Tails issues and code are managed in GitLab.

This page focuses on aspects of GitLab usage that are specific to Tails.

This workflow is not set in stone: it will evolve based on what we learn while using GitLab.

For general GitLab usage information, see the GitLab user documentation.

Getting started

If you were using Redmine previously, read how to transition to GitLab. Else, to create your GitLab account, visit the registration page in a web browser.

Then you will be allowed to open new issues, create merge requests, and fork your own copy of our repositories.

Later on, you will probably need to:

The first time you connect over SSH to a Git repository hosted on our GitLab, you will be prompted to verify the server's SSH host key. Here are the corresponding fingerprints:

  • ECDSA: SHA256:AOj9ec6hRjN7fNnjXMlmPum7dZWRd5oJKAuo4UGAxxs
  • Ed25519: SHA256:mtZeDs2+KKLZ8kJOvmrGoTCuszqc29DOyH6MZaqtlss
  • RSA: SHA256:JuwD+e+wOas+2JtDdF0BHu+9RAIJOhWI+2VkjuZ6Znk

Group and projects

All our work is tracked in projects under the tails group.

The main Git repository and most issues live in the tails/tails project.

How we use GitLab metadata

On GitLab, issues and merge requests have metadata.

Being consistent in the use of GitLab metadata makes collective work smoother.

Title and description

The title should be a short but clear description of what this is about. Some people are case sensitive, please try to consider that.


Open issues

Each open issue can have up to 1 status label:

  • To Do: it would be good if someone worked on this issue

  • Doing: someone is actively working on this issue

  • Needs Validation: a resolution has been proposed and needs to be reviewed. For details, see our merge policy.

The main advantage of using these labels is to organize and visualize issues on Issue Boards.

Some teams use a workflow that depends on accurately using these labels.

Apart of that, you may consider these labels as optional.

Closed issues

Closing an issue means one of:

  • The bugfix or feature the issue is about:

    • was merged and will be in a future release
    • or is already available to our users

    The Milestone value tells in which case we are.

  • We've rejected it.

    For example: it does not fit into Tails' mission, or the problem shall be resolved elsewhere than in Tails.

    To reject an issue, create a comment that:

    • explains why you're rejecting it
    • adds the Rejected label (/label ~Rejected)
  • It duplicates another issue.

    To mark an issue as a duplicate, create a comment that:

    • mentions the other, duplicated issue
    • adds the Duplicate label (/label ~Duplicate)


We use the Assignee field in a way that helps us organize our work as a team, focus on what matters most currently, and avoid individual over-commitment & feelings of failure.

To this aim, most tasks should be up for grabs for anyone who has spare capacity and the required skills: Don't Lick the Cookie.

So in general, issues and merge requests should not be assigned to anyone.

This being said, we do assign them if at least one of these conditions is met:

  • Someone is actively working on it.

  • The task is both important and urgent.

  • The milestone is set to the next Tails release. See the milestone section for details.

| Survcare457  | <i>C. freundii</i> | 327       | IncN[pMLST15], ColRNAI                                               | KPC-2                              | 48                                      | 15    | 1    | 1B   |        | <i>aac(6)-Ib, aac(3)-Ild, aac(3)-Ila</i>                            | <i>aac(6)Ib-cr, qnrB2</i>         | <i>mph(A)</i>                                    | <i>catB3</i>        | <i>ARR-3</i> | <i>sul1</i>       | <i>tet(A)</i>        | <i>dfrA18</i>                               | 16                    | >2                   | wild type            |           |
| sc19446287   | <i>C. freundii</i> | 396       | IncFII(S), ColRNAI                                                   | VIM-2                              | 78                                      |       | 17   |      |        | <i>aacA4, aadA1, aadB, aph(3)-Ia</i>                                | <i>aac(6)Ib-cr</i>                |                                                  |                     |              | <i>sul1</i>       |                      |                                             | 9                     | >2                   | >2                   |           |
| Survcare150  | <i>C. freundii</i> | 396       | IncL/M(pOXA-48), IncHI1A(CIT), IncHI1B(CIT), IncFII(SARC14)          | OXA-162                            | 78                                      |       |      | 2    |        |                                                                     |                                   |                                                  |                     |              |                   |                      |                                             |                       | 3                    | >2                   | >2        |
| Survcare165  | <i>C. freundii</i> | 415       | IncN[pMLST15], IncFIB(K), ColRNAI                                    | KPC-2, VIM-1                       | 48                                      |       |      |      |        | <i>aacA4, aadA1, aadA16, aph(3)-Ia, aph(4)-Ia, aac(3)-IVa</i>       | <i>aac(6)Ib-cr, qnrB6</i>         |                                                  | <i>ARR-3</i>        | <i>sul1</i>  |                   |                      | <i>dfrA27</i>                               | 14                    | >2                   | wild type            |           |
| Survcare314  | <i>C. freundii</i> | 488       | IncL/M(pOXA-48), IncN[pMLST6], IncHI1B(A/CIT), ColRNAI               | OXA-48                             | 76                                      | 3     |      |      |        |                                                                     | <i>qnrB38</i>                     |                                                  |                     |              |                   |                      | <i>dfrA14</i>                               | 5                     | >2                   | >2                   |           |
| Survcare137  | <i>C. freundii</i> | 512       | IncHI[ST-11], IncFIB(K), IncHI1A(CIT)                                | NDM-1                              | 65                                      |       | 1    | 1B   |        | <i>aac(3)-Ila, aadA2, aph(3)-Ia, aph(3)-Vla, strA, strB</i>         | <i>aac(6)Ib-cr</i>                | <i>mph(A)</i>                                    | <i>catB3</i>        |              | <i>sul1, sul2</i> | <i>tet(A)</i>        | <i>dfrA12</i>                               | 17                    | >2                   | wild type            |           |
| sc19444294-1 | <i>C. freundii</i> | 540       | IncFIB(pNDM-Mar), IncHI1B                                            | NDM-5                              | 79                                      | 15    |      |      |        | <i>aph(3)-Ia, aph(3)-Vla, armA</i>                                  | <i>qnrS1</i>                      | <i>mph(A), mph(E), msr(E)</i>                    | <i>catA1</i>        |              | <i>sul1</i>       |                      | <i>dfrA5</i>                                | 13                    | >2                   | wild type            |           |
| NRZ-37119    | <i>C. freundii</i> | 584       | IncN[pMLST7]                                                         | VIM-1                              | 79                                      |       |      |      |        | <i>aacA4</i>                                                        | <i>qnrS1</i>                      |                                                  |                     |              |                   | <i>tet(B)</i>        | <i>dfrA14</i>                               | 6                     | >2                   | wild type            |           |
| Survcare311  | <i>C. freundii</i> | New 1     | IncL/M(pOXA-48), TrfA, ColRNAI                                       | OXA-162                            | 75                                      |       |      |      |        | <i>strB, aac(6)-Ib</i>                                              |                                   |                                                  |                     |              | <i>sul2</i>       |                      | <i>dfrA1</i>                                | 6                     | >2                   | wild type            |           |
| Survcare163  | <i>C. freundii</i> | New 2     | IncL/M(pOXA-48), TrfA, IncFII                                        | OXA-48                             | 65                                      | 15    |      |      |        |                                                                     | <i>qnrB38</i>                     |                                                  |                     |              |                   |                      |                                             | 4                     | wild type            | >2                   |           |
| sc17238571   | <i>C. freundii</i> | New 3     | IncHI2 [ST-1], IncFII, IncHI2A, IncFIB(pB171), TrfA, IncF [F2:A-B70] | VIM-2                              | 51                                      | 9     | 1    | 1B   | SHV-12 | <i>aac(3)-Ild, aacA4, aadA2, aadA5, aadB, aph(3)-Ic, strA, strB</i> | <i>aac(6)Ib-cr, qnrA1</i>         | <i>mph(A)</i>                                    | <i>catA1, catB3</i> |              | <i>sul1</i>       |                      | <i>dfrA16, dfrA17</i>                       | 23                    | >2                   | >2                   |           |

• We did all the work we could on this task already and now have to track progress on a blocker that we cannot address ourselves. For example, regularly tracking progress and pinging on patches we've submitted upstream.

  • Only one of us can complete the task. This helps identify bottlenecks, high bus factor, and over-commitment.

  • Sponsor deliverables that are managed under the "let's decide a long time in advance who exactly will do each task" paradigm.

  • It is about the parent tracking issue for a large project with several subtasks that will be tackled by different people, and we need someone to coordinate the project.


Different teams and contributors use the Milestone value differently:

  • Some teams try their best to treat it as a commitment, that other Tails contributors should be able to rely on.
  • Others use it as a pool of tasks they want to have on their short-term radar.

For issues that are on the Tails roadmap, the milestone is set to a year, until it makes sense to target a specific release.

Postponing to the next milestone more than once is not business as usual — it's a red flag. Ideally, the underlying problem should be identified and addressed: for example, the assignee might need help or be over-committed; the team could be under-staffed; or perhaps the task should simply not have any milestone in the first place.


Every open issue must have exactly 0 or 1 of these labels:

  • P:Low: it would be good to do this, but it's unlikely that current Tails contributors find time to work on it any time soon
  • P:Normal, or no such label: this is the general case
  • P:Elevated
  • P:High
  • P:Urgent

See the list of priority labels.


We classify issues with labels whose name starts with C:.

For example, C:Email Client or C:Installation.

See the list of category labels.

Type of work

To indicate the type of work that's needed to complete the next step on an issue, we use labels whose name starts with T:.

For example:

  • T:Debian: the work shall be done in Debian
  • T:End-user documentation: everything below doc and support on our website
  • T:Contributors documentation: everything below contribute on our website
  • T:Wait: we are waiting/tracking actions we need non-Tails people to do, outside of Tails
  • T:Website: website work not covered by other options

See the list of type of work labels.

Other labels

  • Starter: issues flagged as Starter can be a good pick for new contributors. Learn more.